The women interviewed in this study have different approaches to the leadership of schools. In a groundbreaking book exploring how successful women lead schools, Grogan and Shakeshaft (2011) found that not only do women bring a spiritual dimension to their work and lead with passion, but they also demonstrate a commitment to social justice. Clearly the women in this study spoke about their work being spiritual. They are committed and passionate about their schools and as one proprietor stated, “This is an opportunity and a privilege for me to be useful to society…to my nation.”

Ethics Statement

This study was carried out in accordance with the recommendations of the Institutional Review Board of the University of San Diego. All participants gave written informed consent in accordance with the Declaration of Helsinki. The protocol was approved by the Institutional Review Board.

Human Subjects Statement

This study was carried out in accordance with the recommendations of the University of San Diego’s Institutional Review Board (IRB) with written informed consent from all participants. It was approved in December 2013 by the IRB and all participants gave written informed consent in accordance with the Declaration of Helsinki.

Author Contributions

PC designed the study, collected some data, completed the analysis, and wrote the first drafts. She made final approval of this version. She agrees to be accountable for all aspects of the work including ensuring that questions related to the accuracy and integrity of any part of the work are appropriately investigated and resolved. CB assisted with data collection and read several drafts providing feedback. She has reviewed this final version.

Conflict of Interest Statement

The authors declare that the research was conducted in the absence of any commercial or financial relationships that could be construed as a potential conflict of interest.


The authors would like to thank Dorcas Adwoa Aidoo for her logistical assistance during data collection.


During the time of this research one of the authors was funded by the NGO to be doing other work (e.g., trainings) taking place in these nations. Neither author received any funding for research activities directly related to this study.


  1. ^ (retrieved 9/2/17).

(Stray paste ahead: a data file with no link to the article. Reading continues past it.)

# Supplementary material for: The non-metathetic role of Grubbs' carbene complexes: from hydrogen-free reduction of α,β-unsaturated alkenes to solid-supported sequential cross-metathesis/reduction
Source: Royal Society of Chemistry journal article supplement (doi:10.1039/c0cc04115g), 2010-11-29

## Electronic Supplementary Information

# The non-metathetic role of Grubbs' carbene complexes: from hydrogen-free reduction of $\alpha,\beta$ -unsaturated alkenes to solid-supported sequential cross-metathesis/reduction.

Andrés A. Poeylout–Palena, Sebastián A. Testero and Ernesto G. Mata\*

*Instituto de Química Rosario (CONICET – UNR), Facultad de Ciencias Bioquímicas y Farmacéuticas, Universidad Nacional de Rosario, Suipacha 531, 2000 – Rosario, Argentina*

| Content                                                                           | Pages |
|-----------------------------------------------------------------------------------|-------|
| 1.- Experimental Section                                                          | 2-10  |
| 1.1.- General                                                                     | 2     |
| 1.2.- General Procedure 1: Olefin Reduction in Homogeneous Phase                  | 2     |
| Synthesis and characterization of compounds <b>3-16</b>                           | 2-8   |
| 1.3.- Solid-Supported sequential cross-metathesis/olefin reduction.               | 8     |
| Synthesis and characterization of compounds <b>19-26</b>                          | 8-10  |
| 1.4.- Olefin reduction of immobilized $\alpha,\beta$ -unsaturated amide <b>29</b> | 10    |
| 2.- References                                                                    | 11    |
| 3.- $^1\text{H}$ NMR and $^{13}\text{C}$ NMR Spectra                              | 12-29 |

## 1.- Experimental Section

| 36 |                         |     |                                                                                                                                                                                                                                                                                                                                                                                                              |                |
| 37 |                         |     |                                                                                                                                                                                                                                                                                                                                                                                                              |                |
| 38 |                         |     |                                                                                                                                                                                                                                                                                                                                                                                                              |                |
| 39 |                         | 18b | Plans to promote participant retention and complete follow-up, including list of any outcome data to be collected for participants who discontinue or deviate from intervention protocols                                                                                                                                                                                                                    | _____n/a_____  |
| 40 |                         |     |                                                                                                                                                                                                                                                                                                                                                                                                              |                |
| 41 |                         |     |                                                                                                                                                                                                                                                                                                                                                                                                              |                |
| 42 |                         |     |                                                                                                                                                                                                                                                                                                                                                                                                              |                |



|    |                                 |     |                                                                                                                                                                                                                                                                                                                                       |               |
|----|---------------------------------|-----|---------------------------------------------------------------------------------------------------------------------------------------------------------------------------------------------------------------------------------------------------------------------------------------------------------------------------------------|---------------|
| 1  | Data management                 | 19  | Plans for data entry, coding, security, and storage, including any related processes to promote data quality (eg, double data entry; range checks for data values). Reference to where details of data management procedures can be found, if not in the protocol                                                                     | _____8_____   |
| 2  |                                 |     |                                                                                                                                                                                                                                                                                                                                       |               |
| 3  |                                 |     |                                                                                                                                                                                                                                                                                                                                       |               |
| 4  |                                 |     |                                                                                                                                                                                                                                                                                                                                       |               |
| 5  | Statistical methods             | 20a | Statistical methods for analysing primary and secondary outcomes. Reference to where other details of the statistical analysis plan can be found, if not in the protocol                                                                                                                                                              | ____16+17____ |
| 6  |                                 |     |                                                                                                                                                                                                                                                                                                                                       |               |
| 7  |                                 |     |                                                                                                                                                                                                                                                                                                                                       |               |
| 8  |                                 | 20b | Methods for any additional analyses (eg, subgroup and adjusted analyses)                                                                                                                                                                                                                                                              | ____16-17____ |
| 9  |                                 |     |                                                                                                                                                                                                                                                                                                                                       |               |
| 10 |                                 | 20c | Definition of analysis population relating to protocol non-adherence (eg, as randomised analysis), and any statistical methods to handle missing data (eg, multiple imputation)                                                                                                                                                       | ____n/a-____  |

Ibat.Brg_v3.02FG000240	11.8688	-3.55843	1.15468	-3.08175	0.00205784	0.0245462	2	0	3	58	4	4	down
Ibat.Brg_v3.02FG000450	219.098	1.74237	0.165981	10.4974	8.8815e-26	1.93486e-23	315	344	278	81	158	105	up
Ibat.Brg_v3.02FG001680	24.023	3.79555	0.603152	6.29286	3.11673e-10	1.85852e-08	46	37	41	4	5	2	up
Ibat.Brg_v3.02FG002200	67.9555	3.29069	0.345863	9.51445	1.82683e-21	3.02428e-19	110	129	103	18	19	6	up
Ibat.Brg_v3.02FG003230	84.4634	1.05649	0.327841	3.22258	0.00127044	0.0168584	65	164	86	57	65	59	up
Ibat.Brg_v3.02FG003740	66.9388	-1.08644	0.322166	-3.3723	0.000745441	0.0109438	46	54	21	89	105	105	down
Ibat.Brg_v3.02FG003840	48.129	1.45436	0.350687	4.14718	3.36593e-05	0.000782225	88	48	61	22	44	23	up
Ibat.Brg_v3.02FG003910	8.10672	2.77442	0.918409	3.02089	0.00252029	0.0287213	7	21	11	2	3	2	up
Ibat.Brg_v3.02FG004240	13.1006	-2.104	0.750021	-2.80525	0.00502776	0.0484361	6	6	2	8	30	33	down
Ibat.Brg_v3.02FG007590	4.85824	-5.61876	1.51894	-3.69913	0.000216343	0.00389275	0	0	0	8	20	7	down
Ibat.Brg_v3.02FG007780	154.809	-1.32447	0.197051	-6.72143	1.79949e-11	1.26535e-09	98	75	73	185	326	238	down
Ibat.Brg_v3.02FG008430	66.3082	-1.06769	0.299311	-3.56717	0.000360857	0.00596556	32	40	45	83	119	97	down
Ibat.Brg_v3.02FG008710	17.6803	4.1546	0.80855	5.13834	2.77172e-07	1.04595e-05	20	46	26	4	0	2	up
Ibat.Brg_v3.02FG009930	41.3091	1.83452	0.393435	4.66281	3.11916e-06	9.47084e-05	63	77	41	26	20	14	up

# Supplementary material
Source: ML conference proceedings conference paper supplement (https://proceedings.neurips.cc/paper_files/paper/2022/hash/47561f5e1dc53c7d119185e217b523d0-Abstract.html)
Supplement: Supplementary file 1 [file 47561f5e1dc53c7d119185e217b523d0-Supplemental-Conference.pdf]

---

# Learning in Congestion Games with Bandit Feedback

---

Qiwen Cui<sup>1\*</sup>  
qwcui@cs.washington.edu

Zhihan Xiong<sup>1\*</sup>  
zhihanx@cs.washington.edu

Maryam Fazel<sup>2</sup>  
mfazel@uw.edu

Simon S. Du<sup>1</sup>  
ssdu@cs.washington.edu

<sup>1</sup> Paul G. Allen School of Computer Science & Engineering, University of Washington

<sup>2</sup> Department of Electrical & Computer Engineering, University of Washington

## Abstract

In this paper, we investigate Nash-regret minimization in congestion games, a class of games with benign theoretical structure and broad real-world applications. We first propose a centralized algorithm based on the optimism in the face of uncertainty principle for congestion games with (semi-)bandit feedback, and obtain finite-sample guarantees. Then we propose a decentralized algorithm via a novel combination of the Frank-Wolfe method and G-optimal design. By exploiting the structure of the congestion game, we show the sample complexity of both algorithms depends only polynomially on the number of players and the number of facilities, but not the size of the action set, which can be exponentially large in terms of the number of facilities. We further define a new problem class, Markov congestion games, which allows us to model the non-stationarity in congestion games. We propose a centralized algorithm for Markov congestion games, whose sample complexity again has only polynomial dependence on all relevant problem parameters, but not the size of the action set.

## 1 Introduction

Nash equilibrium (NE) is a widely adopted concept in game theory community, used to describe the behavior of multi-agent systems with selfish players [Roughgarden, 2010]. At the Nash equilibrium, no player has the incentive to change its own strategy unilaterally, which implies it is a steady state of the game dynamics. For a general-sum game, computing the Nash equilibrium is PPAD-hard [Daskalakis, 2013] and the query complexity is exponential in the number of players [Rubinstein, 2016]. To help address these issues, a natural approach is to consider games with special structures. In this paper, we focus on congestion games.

2. ^As of February 16, 2016, the UN General Assembly designated forty-eight nations as Least Developed Countries (LDCs). The majority of the LDCs are in Africa and Asia. There are three criteria: low income, human resource weakness (e.g., health education literacy) and economic vulnerability. (The Least Developed Countries report 2016. United Nations).
  3. ^The literature uses the terms Affordable Private Schools (APSs), Low-Cost Private schools (LCPSs), and Low Fee Private Schools (LFPSs) interchangeably. In this paper, we will use the more generally accepted term of Low-Fee Private Schools.
  4. ^ (retrieved 9/5/17).
  5. ^
  6. ^
  7. ^
  8. ^“Obouroni” is the Akan (Twi language) word for a Western white foreigner.
  9. ^Because so many private schools began as daycare centers, many schools in these and other developing nations frequently start with children as young as one year old and typically go through junior high school or even high school.
  10. ^JHS 3 is the final year of junior high school in Ghana. The Ghanaian educational system has 6 years of primary, three years of Junior Secondary School and three years of Senior Secondary School.
  11. ^
  12. ^In all three countries, there is a shortage of trained teachers. Although there are government requirements for primary teachers to hold a degree, the reality is quite different. The vast majority of private school teachers in the LFPSs in all three countries do not hold a bachelor’s degree. Of the three nations, Ghana has the most developed higher education system and there are teacher-training colleges. They have developed “sandwich” courses which are short courses offered between terms so that practicing (mostly unqualified) teachers can participate.
  13. ^Crushing rocks is one of the only ways for many of the poorest in Liberia to make a living. Piles of rocks can be seen throughout Monrovia and other urban areas along the sides of streets. Usually, a man is sitting on the ground breaking larger stones with a hammer. Construction workers and others stop to purchase barrels or truckloads of these broken stones.
  14. ^A dash is West Africa is a small “gift” that one gives in order to do business. In other African nations “chai”-tea, is used while in some French speaking nations such as the Congo un petit sucre—a little sugar is used.
  15. ^


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Keywords: low-fee private schools, school leadership, women entrepreneurs, private schools, sub-Saharan African education, West-African education, education in Ghana, Burkina Faso, and Liberia

Citation: Cordeiro PA and Brion C (2018) Women School Leaders: Entrepreneurs in Low Fee Private Schools in Three West African Nations. Front. Educ. 2:67. doi: 10.3389/feduc.2017.00067

Received: 18 September 2017; Accepted: 13 December 2017;
Published: 12 January 2018

Edited by:

Kay Fuller, University of Nottingham, United Kingdom

Reviewed by:

Marsha E. Modeste, Pennsylvania State University, United States
Ken Kempner, Southern Oregon University, United States

Copyright: © 2018 Cordeiro and Brion. This is an open-access article distributed under the terms of the Creative Commons Attribution License (CC BY). The use, distribution or reproduction in other forums is permitted, provided the original author(s) or licensor are credited and that the original publication in this journal is cited, in accordance with accepted academic practice. No use, distribution or reproduction is permitted which does not comply with these terms.

*Correspondence: Paula A. Cordeiro,